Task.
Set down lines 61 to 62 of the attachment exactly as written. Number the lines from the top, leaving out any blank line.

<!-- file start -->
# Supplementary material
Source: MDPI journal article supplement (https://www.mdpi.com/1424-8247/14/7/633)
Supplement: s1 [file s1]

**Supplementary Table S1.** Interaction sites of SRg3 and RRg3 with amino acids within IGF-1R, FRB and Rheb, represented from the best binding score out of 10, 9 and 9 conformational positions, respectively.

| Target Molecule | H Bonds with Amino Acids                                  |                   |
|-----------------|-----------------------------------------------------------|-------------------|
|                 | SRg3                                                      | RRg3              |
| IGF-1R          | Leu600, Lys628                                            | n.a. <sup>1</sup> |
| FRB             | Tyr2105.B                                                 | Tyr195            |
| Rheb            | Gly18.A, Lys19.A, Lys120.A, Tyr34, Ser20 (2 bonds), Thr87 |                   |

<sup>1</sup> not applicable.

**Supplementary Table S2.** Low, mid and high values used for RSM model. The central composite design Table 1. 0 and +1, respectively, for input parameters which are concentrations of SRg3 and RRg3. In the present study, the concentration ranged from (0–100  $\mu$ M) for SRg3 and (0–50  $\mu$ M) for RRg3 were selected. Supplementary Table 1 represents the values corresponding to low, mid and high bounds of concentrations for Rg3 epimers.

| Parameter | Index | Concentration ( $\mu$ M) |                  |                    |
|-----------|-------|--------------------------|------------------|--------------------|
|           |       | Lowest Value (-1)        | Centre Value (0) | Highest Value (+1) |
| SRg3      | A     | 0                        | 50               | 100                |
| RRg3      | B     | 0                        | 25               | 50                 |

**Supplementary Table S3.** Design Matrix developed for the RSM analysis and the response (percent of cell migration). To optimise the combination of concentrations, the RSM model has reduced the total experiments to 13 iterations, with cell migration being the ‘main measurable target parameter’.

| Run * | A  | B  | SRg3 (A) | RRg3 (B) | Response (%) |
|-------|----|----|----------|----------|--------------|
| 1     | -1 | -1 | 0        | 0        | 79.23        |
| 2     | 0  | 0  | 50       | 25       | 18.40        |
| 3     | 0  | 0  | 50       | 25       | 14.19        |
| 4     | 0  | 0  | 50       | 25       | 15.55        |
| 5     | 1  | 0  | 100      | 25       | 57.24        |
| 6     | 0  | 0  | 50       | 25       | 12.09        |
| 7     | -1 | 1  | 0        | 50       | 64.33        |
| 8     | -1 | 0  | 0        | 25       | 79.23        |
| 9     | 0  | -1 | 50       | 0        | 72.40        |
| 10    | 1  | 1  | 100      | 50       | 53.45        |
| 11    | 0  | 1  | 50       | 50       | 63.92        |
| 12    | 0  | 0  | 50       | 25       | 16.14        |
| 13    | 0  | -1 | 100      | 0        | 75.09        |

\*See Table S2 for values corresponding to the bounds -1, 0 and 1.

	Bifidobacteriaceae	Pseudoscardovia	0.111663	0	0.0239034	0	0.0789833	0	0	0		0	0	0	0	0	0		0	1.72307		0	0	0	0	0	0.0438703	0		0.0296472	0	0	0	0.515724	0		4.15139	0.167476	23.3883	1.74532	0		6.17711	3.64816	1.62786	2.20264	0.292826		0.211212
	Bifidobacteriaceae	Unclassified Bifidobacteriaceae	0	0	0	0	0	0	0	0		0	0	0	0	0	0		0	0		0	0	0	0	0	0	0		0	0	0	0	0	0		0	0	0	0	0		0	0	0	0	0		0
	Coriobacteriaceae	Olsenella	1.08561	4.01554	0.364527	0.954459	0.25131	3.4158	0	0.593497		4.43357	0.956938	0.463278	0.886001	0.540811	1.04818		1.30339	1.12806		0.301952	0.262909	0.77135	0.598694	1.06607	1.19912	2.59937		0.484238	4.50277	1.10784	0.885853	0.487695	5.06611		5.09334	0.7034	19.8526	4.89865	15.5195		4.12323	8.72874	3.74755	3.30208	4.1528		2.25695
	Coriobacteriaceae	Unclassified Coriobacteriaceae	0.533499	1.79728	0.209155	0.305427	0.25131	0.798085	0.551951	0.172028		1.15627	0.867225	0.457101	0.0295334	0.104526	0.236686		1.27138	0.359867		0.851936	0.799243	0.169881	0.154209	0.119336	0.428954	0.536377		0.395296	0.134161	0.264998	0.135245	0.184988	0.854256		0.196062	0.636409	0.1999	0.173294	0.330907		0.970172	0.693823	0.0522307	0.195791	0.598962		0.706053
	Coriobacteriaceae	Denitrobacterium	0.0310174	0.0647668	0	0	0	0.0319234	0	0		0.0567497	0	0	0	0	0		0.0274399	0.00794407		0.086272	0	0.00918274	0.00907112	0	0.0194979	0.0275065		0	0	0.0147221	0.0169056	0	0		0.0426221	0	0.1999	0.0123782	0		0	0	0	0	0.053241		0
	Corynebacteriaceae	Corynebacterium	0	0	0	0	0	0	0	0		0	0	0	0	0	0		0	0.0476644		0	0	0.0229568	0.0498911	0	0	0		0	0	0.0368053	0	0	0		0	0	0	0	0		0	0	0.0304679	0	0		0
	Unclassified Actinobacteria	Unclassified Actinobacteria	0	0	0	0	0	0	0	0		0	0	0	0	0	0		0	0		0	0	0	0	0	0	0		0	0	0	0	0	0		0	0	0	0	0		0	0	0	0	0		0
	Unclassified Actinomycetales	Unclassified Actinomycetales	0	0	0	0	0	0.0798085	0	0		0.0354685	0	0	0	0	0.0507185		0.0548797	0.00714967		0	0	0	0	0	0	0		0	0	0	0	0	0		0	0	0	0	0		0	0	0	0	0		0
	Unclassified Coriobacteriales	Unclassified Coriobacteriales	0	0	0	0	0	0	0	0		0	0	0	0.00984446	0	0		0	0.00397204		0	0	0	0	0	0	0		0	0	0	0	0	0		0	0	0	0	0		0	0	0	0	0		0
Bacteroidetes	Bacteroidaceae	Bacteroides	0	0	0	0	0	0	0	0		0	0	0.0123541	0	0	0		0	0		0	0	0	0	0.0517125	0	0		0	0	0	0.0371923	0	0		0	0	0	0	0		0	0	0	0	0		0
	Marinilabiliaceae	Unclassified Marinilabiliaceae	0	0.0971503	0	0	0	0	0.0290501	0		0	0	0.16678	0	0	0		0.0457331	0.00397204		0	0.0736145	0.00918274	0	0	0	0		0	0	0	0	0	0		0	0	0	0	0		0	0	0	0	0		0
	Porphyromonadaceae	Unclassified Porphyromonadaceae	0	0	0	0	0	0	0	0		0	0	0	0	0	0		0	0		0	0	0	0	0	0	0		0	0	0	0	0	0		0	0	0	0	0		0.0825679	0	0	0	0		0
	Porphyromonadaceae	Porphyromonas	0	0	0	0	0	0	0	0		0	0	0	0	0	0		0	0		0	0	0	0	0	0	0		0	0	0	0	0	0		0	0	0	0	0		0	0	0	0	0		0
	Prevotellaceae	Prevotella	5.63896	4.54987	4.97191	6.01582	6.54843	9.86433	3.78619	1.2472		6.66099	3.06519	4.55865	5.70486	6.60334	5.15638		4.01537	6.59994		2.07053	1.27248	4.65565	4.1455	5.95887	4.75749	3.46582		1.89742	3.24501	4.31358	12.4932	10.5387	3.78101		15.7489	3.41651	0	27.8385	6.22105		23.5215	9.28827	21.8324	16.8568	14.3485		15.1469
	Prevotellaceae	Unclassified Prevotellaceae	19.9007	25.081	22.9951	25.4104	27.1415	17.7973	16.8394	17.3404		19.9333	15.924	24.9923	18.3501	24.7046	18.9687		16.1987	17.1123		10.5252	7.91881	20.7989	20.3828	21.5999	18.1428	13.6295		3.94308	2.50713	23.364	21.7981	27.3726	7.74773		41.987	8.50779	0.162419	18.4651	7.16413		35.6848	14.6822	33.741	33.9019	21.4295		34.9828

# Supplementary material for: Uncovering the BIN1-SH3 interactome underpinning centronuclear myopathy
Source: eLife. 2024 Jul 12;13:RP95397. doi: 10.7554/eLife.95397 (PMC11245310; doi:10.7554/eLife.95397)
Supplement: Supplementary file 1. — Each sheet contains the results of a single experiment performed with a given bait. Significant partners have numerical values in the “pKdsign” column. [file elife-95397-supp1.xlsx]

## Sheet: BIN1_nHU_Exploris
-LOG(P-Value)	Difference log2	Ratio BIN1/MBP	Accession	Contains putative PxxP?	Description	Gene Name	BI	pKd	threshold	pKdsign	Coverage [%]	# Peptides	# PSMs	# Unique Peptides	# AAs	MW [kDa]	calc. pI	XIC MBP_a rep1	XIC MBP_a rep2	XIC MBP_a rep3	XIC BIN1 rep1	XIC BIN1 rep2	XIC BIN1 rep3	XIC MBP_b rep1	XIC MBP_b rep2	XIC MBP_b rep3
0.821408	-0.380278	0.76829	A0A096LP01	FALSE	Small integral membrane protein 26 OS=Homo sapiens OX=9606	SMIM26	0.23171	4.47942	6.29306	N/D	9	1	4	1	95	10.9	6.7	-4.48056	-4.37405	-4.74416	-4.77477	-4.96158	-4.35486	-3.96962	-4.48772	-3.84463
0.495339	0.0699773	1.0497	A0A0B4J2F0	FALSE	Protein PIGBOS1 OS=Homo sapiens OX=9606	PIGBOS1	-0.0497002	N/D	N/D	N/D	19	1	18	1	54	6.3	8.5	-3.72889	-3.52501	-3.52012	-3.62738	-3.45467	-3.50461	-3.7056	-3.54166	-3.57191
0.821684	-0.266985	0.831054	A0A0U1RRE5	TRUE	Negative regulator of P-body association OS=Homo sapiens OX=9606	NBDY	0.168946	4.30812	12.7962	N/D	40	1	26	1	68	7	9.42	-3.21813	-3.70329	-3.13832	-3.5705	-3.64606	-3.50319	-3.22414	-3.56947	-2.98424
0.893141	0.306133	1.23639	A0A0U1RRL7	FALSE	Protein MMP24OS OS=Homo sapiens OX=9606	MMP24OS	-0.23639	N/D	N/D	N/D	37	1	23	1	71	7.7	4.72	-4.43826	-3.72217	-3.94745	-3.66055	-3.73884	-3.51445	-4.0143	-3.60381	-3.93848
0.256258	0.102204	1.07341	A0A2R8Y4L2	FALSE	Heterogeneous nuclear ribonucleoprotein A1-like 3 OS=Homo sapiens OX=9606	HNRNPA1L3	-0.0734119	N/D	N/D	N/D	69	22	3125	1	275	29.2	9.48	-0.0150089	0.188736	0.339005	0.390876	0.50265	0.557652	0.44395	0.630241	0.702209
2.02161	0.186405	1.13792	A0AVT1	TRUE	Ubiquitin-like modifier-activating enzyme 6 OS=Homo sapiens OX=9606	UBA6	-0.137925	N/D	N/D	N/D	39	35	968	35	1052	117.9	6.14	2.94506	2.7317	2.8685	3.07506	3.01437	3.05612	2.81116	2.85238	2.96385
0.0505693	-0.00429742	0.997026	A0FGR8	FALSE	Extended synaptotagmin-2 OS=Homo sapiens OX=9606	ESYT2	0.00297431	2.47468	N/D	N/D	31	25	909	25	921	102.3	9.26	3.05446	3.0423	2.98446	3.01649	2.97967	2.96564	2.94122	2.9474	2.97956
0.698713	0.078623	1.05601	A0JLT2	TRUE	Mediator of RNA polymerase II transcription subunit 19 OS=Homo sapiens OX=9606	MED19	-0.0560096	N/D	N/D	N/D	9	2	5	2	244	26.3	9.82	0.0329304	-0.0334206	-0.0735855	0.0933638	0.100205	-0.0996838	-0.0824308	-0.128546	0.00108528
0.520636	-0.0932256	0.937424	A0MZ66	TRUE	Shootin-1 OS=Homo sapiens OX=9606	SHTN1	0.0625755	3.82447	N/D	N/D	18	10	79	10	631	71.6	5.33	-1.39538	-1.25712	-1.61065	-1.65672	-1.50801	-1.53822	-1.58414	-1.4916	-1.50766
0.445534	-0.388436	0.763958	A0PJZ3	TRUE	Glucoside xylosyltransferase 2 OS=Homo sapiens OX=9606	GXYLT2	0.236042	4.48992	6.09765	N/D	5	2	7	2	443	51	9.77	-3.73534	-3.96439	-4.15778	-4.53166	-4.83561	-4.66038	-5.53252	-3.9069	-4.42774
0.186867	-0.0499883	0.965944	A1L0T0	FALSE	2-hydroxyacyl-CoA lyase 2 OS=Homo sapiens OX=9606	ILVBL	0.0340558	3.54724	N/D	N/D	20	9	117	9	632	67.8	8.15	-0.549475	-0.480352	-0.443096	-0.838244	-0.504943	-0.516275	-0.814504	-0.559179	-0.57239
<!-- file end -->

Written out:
0.0505693	-0.00429742	0.997026	A0FGR8	FALSE	Extended synaptotagmin-2 OS=Homo sapiens OX=9606	ESYT2	0.00297431	2.47468	N/D	N/D	31	25	909	25	921	102.3	9.26	3.05446	3.0423	2.98446	3.01649	2.97967	2.96564	2.94122	2.9474	2.97956
0.698713	0.078623	1.05601	A0JLT2	TRUE	Mediator of RNA polymerase II transcription subunit 19 OS=Homo sapiens OX=9606	MED19	-0.0560096	N/D	N/D	N/D	9	2	5	2	244	26.3	9.82	0.0329304	-0.0334206	-0.0735855	0.0933638	0.100205	-0.0996838	-0.0824308	-0.128546	0.00108528